I'm weighing in on the discussion because commenting on issues I know nothing about is what I do best, but is the athlete in question recorded (filmed or seen) as going to the correct punch (and close enough) or is everyone taking his word for it that he went there after the incorrect one? I know there's the issue about controls being too close but for that to have happened within the 2.5 seconds or whatever, he would essentially have already been taking off in the correct direction as soon as he punched the incorrect one (rather than taking 1-2 seconds to decide 'oh hang on, this isn't mine' and relocating). Experience shows this is rarely the case. Not impossible and I'm not sitting in either camp but well worth weighing up the evidence first before deciding in anyone's favour.
I'm can't comment on the disqualifications, but Anton's video clearly demonstrates that an athlete running the optimum route on leg 13-14 on Men's C could easily have unwittingly recorded a punch at #62 and arrived at #70 as their SIAC card is still flashing from the earlier punch. To them, this would be interpreted as punching #70, so they would continue. But in reality, it would still be the delayed flashing from #62.
The claim is that he ran past the incorrect control close enough to register (without making any attempt to knowingly punch it) on the way to his correct control; this is certainly plausible (although unproven) given the approach lines to the control.
Graeme -- there doesn't need to be any change to the way courses are laid out, you can still have a streamered route to the place where the "start kite" would have been, and that running distance can be used to look at the map and evaluate route choices. But if it's a place where the runner has to go, then put a punch there. I've done this numerous times when setting courses, all courses have the same first control, which is typically straight ahead from the start along a trail (out of sight around a bend or over a small rise).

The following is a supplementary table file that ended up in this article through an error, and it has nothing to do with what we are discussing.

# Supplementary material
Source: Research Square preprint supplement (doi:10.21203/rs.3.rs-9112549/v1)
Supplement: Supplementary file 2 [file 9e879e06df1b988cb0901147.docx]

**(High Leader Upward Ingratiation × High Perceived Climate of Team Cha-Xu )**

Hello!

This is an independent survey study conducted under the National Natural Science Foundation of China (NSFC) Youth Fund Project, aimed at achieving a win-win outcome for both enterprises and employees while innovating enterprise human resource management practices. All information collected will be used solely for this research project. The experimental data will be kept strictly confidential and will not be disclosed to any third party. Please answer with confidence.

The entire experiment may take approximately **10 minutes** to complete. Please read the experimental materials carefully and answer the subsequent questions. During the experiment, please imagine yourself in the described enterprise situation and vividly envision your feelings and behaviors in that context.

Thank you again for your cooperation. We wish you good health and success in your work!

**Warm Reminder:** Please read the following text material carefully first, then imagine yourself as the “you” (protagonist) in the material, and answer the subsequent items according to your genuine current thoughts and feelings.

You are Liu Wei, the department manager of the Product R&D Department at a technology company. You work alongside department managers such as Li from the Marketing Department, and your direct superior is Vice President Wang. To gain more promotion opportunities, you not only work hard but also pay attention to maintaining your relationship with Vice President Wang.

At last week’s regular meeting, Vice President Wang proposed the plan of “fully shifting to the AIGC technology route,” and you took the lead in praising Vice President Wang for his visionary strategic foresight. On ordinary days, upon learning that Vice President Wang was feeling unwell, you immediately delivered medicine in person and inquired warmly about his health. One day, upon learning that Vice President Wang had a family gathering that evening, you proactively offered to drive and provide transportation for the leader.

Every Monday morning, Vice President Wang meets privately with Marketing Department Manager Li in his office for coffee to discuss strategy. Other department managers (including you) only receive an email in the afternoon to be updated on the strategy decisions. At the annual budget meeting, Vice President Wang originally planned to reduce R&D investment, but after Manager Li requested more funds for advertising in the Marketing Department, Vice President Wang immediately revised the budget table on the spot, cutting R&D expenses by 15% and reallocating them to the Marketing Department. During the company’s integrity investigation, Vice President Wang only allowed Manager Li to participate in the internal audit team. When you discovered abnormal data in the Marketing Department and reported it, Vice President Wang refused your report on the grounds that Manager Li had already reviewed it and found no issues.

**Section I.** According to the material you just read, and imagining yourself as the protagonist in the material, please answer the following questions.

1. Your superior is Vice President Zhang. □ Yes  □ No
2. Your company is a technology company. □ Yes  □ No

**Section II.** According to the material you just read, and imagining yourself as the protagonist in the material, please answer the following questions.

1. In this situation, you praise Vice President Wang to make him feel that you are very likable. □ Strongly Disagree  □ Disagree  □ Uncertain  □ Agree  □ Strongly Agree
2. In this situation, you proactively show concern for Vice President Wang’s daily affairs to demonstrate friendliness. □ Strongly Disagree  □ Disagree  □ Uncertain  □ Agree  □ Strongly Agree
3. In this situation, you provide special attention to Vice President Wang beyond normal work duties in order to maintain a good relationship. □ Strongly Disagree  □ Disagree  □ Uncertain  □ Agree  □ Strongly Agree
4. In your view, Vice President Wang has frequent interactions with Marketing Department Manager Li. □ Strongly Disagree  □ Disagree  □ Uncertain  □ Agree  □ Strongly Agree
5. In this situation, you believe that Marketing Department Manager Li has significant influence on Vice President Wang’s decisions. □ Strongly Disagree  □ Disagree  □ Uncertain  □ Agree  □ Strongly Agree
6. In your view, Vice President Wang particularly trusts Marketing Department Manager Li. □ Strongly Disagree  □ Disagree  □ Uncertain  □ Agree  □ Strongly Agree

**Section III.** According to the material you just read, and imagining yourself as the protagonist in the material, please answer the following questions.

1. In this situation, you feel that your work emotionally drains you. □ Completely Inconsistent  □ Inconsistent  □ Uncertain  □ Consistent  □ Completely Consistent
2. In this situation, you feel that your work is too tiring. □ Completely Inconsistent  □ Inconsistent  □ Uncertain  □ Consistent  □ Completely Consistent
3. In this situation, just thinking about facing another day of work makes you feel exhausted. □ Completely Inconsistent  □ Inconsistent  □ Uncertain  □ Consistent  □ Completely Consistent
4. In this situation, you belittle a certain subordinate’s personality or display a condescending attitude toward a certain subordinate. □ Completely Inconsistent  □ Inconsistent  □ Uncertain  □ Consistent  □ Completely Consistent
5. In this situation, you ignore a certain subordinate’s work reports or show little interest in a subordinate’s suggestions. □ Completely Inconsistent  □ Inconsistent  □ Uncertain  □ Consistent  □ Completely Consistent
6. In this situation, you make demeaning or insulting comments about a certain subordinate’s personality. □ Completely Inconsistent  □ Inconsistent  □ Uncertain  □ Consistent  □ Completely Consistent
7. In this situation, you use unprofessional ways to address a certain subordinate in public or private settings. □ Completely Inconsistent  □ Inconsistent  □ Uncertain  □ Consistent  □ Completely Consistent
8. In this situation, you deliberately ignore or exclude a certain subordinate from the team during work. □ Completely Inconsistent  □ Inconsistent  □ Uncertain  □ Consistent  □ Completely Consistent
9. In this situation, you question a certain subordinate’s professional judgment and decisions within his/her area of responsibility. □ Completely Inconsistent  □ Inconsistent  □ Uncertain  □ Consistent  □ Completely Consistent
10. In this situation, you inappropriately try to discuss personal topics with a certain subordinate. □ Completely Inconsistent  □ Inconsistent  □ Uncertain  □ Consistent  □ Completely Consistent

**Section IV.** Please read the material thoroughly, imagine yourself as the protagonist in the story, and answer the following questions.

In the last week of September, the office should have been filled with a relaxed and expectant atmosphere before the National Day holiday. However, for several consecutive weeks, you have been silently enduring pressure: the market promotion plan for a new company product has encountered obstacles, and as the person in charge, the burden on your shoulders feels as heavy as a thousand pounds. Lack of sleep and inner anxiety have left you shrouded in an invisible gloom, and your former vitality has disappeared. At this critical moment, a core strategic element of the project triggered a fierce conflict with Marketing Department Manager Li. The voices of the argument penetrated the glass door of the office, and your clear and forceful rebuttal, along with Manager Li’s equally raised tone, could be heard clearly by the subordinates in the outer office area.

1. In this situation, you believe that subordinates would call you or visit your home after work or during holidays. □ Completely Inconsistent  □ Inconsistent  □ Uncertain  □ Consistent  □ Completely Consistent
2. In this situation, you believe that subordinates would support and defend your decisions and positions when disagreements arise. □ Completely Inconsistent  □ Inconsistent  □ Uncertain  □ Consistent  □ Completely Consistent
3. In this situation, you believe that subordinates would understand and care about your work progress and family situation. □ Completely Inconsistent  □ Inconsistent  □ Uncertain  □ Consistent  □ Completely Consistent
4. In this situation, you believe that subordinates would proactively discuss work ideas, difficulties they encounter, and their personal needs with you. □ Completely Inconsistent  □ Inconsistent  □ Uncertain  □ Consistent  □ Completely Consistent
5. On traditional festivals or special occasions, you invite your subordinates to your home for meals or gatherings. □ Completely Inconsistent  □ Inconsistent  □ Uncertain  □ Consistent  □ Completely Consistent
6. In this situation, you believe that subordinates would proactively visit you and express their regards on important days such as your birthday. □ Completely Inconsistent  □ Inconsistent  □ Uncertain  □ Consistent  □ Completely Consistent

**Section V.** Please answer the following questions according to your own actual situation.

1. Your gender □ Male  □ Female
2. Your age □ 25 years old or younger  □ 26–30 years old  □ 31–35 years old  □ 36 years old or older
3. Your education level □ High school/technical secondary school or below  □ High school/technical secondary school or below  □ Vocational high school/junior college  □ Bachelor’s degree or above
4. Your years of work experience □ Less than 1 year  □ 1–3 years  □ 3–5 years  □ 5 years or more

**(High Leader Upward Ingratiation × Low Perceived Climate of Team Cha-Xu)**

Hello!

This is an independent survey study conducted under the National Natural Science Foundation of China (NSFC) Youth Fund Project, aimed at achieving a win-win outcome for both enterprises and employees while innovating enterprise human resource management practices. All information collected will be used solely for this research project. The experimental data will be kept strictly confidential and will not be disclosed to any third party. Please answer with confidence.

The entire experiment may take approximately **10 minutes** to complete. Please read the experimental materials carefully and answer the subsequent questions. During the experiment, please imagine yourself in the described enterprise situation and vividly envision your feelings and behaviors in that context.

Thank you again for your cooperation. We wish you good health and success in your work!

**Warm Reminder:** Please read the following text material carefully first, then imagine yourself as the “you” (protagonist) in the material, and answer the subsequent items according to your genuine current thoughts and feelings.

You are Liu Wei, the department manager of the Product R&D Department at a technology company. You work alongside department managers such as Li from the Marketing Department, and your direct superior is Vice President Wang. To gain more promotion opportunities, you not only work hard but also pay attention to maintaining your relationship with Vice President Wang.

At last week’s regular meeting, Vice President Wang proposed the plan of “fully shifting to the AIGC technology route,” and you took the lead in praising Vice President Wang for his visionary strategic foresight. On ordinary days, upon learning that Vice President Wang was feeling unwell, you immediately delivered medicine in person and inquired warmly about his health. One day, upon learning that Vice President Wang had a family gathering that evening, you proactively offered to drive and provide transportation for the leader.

The most ludicrous implementation I've seen was (at a US Championships, no less), a remote start that runners were instructed that they had to go to, and a person with a clipboard there ensuring that everyone did.
Isn't it cool how Hubmann and Alm won? There may be a lot of noise here, but the cream rises to the top.
As far as I recollect, no one had ever won the same individual discipline at four WOCs in a row before Alm. Is that right? I believe Thierry has done three 3-peats (two middle, one long), Simone two (middle and sprint), and Annichen one. Very impressive accomplishment by Maja!
You can see the 2.5 sec on the video link above, clearly the guy is running faster than 6m/s so the 15m rule looks to be OK. Note also how he "punches" the first control with his right hand, the second with his left. Then watch 2 hours of WOC sprint footage and see approximately no competitors flying through controls like that.
It's also not clear if the claim is...
"it didn't register because it was still processing the last control",
"I punched too fast, but its not my fault because I was confused by the card still flashing"
Since the first claim involves a reproducible circumstance, I'm a little surprised they didn't try to replicate it.
Tough call - I guess the organisers and the jury simply didn't believe either story but stopped short of saying it so bluntly.
Thanks for the video djsanton97. To me it looks pretty conclusive that what the athlete claimed could well have happened, and I have to agree with robplow.
The features are dissimilar on the ground, but no way is the feature at 62 a garden. It looks like a good example of what sprint mapping guru Kjell Soenniksen would draw as a tree with a white circle
. Good to see though, that as they had mapped it as a garden they taped it off!
Looks like IOF Rules should, as Blair suggests, increase the minimum distance between controls to account for SI response times.
Re control placement:
I don't think we need a whole new rule about start kites
We just need to not put the last control right next to the start kite